Complementary Tests

A number of different tests may be ordered along with a mammogram. If you find a lump, or if there is suspicion of a lump on a mammogram, a breast ultrasound may also be done. A breast ultrasound can help differentiate a cystic mass (breast cyst) from a solid mass.

Women who have an increased risk of developing breast cancer or women who have dense breasts may benefit from additional screenings, such as combining a breast MRI with mammography.

Risks and Contraindications

Mammograms expose women to a small amount of radiation, the amount of which rarely causes illness.

According to a 2016 study in the Annals of Internal Medicine, an estimated 125 of every 100,000 women who undergo an annual mammogram will develop radiation-induced breast cancer, of whom 16 (or 0.00016 percent) will die.

(By comparison, among the same group of women, 968 breast cancer deaths could be avoided as a result of the mammograms.)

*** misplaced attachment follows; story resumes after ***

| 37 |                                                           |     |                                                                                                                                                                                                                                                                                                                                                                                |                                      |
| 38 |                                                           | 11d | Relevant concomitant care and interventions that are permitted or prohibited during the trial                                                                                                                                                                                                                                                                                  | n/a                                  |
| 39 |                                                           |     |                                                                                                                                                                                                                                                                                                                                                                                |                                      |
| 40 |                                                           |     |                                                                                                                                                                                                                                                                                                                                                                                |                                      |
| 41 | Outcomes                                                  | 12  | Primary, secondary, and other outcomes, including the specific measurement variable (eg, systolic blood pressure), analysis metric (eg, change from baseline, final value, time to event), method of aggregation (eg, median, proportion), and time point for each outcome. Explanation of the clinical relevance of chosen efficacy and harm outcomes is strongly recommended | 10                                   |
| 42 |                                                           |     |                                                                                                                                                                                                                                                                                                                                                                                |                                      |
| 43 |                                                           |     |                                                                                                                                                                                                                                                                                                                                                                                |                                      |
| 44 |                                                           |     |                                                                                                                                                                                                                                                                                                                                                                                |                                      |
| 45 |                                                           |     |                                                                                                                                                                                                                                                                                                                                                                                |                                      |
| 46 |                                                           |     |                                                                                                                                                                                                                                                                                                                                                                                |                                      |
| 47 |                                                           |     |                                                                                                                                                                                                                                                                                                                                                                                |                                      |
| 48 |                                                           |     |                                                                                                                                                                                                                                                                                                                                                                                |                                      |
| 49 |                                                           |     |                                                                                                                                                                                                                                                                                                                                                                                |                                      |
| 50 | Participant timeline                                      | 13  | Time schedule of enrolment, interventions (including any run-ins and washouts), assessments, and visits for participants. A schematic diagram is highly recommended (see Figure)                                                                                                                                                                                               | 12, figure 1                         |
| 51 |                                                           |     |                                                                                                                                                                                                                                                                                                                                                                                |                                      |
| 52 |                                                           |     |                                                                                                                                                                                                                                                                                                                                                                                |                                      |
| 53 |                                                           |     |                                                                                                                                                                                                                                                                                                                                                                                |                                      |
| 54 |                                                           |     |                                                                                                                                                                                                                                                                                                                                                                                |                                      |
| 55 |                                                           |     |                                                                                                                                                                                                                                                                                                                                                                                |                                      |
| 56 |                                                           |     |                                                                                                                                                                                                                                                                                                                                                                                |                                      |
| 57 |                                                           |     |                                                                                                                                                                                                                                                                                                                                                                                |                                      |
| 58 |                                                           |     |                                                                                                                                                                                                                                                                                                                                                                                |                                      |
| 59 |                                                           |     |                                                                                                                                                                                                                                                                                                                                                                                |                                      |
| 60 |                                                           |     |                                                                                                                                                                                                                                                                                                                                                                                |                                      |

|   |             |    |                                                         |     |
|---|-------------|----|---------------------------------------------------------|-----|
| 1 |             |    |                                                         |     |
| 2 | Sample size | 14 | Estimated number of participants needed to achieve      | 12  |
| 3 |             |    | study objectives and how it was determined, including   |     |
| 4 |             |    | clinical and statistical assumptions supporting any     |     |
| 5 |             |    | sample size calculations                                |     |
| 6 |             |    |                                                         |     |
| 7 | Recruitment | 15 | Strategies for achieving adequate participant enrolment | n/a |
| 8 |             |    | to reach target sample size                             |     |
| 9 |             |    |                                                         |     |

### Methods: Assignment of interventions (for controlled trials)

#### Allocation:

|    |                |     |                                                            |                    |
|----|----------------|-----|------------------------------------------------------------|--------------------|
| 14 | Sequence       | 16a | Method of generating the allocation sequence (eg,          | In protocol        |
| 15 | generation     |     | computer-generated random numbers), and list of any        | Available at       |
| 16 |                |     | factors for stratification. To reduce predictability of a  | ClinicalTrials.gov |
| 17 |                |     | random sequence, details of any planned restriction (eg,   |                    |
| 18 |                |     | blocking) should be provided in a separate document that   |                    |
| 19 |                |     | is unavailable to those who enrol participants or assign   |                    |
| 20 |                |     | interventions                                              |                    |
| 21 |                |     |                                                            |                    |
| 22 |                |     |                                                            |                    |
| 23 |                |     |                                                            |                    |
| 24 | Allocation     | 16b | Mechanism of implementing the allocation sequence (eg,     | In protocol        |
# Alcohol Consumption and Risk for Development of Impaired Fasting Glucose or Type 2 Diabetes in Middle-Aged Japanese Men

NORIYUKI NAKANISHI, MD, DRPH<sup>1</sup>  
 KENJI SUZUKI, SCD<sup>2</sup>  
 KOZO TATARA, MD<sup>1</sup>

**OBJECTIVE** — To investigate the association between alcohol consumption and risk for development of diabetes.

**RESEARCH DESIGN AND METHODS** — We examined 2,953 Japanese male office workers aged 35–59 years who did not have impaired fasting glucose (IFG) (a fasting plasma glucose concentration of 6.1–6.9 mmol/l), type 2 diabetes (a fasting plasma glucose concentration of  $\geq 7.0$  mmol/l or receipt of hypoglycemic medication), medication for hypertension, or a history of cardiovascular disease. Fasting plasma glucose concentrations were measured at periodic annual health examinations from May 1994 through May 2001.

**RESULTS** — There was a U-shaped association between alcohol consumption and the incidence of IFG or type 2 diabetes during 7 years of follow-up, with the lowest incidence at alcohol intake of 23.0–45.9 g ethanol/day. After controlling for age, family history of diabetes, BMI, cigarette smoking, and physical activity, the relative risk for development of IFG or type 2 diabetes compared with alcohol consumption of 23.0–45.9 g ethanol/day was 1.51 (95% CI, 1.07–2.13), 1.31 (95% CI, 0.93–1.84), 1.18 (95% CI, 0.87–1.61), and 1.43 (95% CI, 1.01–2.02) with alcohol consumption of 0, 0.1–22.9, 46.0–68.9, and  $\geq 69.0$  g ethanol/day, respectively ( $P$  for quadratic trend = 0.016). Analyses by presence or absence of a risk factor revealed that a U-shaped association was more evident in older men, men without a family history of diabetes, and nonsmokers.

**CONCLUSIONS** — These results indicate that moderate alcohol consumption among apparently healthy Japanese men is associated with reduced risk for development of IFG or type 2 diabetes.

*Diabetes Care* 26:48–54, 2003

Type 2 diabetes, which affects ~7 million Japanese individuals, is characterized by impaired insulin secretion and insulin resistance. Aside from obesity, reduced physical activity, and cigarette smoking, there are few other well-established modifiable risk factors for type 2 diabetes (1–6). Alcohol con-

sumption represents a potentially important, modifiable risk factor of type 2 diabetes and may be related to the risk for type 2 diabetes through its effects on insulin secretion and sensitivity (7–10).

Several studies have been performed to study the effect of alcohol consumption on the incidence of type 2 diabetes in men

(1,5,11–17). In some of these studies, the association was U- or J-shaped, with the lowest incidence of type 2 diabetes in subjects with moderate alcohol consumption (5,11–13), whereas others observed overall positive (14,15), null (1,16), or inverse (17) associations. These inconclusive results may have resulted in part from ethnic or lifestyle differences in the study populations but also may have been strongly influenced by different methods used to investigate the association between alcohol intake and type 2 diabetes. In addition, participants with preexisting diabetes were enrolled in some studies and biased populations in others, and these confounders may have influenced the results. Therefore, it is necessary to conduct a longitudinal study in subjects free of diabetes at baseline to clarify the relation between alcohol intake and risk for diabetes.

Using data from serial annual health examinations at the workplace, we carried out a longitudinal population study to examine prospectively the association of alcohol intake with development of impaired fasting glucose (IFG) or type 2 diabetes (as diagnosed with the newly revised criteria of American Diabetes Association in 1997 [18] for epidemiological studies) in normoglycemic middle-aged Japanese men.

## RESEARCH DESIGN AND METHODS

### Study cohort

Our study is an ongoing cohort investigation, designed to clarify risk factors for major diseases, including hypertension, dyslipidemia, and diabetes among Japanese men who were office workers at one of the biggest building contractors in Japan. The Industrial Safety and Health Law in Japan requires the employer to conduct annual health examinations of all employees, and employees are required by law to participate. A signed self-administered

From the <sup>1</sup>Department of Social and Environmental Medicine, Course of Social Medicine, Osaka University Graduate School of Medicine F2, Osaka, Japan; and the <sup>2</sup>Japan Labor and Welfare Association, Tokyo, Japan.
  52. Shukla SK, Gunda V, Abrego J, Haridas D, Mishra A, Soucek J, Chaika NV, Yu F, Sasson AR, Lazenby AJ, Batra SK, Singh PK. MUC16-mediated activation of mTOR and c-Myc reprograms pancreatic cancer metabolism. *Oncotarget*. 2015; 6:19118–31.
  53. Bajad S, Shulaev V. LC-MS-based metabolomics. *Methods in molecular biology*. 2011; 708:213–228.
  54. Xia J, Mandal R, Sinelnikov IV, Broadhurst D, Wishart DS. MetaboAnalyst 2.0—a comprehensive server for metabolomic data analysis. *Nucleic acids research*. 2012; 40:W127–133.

The risk of radiation from mammograms is expected to be higher in those who receive higher doses of radiation and in women who have larger breasts, as they require additional radiation to accurately view all breast tissue.

For women who have breast implants, there is a small risk that an implant could rupture, and it's important to let the technician know you have implants before the procedure.

Before The Test

Before you have your mammogram, your healthcare provider will ask you about any risk factors you have, as well as any symptoms of breast cancer.


Though the mammogram itself usually takes around 10 to 15 minutes to complete, plan on spending at least an hour at your appointment to check in and afford your radiologist time to review your images.

In general, a diagnostic mammogram often takes longer than a screening mammogram, as special views are frequently done to evaluate an abnormal area.